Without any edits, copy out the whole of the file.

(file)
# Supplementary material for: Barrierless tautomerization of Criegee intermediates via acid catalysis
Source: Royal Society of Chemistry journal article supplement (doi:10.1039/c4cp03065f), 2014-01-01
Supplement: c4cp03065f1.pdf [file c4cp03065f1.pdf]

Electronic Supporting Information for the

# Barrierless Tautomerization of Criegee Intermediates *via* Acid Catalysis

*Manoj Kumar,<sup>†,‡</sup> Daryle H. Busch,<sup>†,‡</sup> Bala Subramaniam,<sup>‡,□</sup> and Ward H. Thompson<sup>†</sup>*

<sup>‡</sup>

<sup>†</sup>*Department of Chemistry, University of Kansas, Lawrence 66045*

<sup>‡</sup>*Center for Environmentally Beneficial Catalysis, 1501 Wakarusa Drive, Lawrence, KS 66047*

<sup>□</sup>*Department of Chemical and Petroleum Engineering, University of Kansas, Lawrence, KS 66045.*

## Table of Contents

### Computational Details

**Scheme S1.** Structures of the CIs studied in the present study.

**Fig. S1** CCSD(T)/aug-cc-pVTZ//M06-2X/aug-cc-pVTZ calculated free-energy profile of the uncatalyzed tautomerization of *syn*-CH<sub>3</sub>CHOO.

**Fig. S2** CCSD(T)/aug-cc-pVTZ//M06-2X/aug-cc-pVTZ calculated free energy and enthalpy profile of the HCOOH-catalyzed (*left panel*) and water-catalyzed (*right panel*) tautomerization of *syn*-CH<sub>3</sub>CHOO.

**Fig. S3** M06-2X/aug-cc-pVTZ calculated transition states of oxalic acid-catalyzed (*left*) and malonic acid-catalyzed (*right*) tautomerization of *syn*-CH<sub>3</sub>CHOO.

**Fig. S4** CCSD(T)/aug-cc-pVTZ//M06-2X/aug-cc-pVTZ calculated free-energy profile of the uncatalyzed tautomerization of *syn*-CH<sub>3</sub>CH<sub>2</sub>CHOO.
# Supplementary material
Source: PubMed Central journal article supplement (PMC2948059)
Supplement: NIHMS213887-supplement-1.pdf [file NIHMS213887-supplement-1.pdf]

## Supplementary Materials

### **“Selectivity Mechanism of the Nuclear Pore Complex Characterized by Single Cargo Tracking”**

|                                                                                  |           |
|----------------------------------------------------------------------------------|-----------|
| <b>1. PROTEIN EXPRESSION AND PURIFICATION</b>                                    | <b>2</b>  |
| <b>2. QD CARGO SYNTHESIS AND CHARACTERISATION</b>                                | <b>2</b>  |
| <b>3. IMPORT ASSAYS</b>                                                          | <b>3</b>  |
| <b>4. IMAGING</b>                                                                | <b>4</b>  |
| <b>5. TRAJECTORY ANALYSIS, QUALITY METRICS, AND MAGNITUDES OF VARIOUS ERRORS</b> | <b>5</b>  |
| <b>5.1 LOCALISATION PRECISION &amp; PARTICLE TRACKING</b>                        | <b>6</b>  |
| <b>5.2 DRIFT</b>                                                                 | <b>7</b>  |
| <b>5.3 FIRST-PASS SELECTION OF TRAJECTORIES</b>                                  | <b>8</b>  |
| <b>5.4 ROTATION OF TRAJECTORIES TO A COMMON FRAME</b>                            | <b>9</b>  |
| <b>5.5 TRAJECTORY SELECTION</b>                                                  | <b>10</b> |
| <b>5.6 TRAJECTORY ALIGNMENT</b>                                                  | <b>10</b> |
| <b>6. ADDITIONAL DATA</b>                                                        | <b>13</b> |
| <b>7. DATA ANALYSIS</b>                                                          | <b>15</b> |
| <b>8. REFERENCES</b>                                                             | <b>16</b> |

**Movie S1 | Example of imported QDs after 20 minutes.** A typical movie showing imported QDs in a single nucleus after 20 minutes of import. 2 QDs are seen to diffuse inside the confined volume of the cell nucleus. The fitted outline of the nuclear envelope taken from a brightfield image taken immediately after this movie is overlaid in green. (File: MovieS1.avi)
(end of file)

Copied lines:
# Supplementary material for: Barrierless tautomerization of Criegee intermediates via acid catalysis
Source: Royal Society of Chemistry journal article supplement (doi:10.1039/c4cp03065f), 2014-01-01
Supplement: c4cp03065f1.pdf [file c4cp03065f1.pdf]

Electronic Supporting Information for the

# Barrierless Tautomerization of Criegee Intermediates *via* Acid Catalysis

*Manoj Kumar,<sup>†,‡</sup> Daryle H. Busch,<sup>†,‡</sup> Bala Subramaniam,<sup>‡,□</sup> and Ward H. Thompson<sup>†</sup>*

<sup>‡</sup>

<sup>†</sup>*Department of Chemistry, University of Kansas, Lawrence 66045*

<sup>‡</sup>*Center for Environmentally Beneficial Catalysis, 1501 Wakarusa Drive, Lawrence, KS 66047*

<sup>□</sup>*Department of Chemical and Petroleum Engineering, University of Kansas, Lawrence, KS 66045.*

## Table of Contents

### Computational Details

**Scheme S1.** Structures of the CIs studied in the present study.

**Fig. S1** CCSD(T)/aug-cc-pVTZ//M06-2X/aug-cc-pVTZ calculated free-energy profile of the uncatalyzed tautomerization of *syn*-CH<sub>3</sub>CHOO.

**Fig. S2** CCSD(T)/aug-cc-pVTZ//M06-2X/aug-cc-pVTZ calculated free energy and enthalpy profile of the HCOOH-catalyzed (*left panel*) and water-catalyzed (*right panel*) tautomerization of *syn*-CH<sub>3</sub>CHOO.

**Fig. S3** M06-2X/aug-cc-pVTZ calculated transition states of oxalic acid-catalyzed (*left*) and malonic acid-catalyzed (*right*) tautomerization of *syn*-CH<sub>3</sub>CHOO.

**Fig. S4** CCSD(T)/aug-cc-pVTZ//M06-2X/aug-cc-pVTZ calculated free-energy profile of the uncatalyzed tautomerization of *syn*-CH<sub>3</sub>CH<sub>2</sub>CHOO.
# Supplementary material
Source: PubMed Central journal article supplement (PMC2948059)
Supplement: NIHMS213887-supplement-1.pdf [file NIHMS213887-supplement-1.pdf]

## Supplementary Materials

### **“Selectivity Mechanism of the Nuclear Pore Complex Characterized by Single Cargo Tracking”**

|                                                                                  |           |
|----------------------------------------------------------------------------------|-----------|
| <b>1. PROTEIN EXPRESSION AND PURIFICATION</b>                                    | <b>2</b>  |
| <b>2. QD CARGO SYNTHESIS AND CHARACTERISATION</b>                                | <b>2</b>  |
| <b>3. IMPORT ASSAYS</b>                                                          | <b>3</b>  |
| <b>4. IMAGING</b>                                                                | <b>4</b>  |
| <b>5. TRAJECTORY ANALYSIS, QUALITY METRICS, AND MAGNITUDES OF VARIOUS ERRORS</b> | <b>5</b>  |
| <b>5.1 LOCALISATION PRECISION &amp; PARTICLE TRACKING</b>                        | <b>6</b>  |
| <b>5.2 DRIFT</b>                                                                 | <b>7</b>  |
| <b>5.3 FIRST-PASS SELECTION OF TRAJECTORIES</b>                                  | <b>8</b>  |
| <b>5.4 ROTATION OF TRAJECTORIES TO A COMMON FRAME</b>                            | <b>9</b>  |
| <b>5.5 TRAJECTORY SELECTION</b>                                                  | <b>10</b> |
| <b>5.6 TRAJECTORY ALIGNMENT</b>                                                  | <b>10</b> |
| <b>6. ADDITIONAL DATA</b>                                                        | <b>13</b> |
| <b>7. DATA ANALYSIS</b>                                                          | <b>15</b> |
| <b>8. REFERENCES</b>                                                             | <b>16</b> |

**Movie S1 | Example of imported QDs after 20 minutes.** A typical movie showing imported QDs in a single nucleus after 20 minutes of import. 2 QDs are seen to diffuse inside the confined volume of the cell nucleus. The fitted outline of the nuclear envelope taken from a brightfield image taken immediately after this movie is overlaid in green. (File: MovieS1.avi)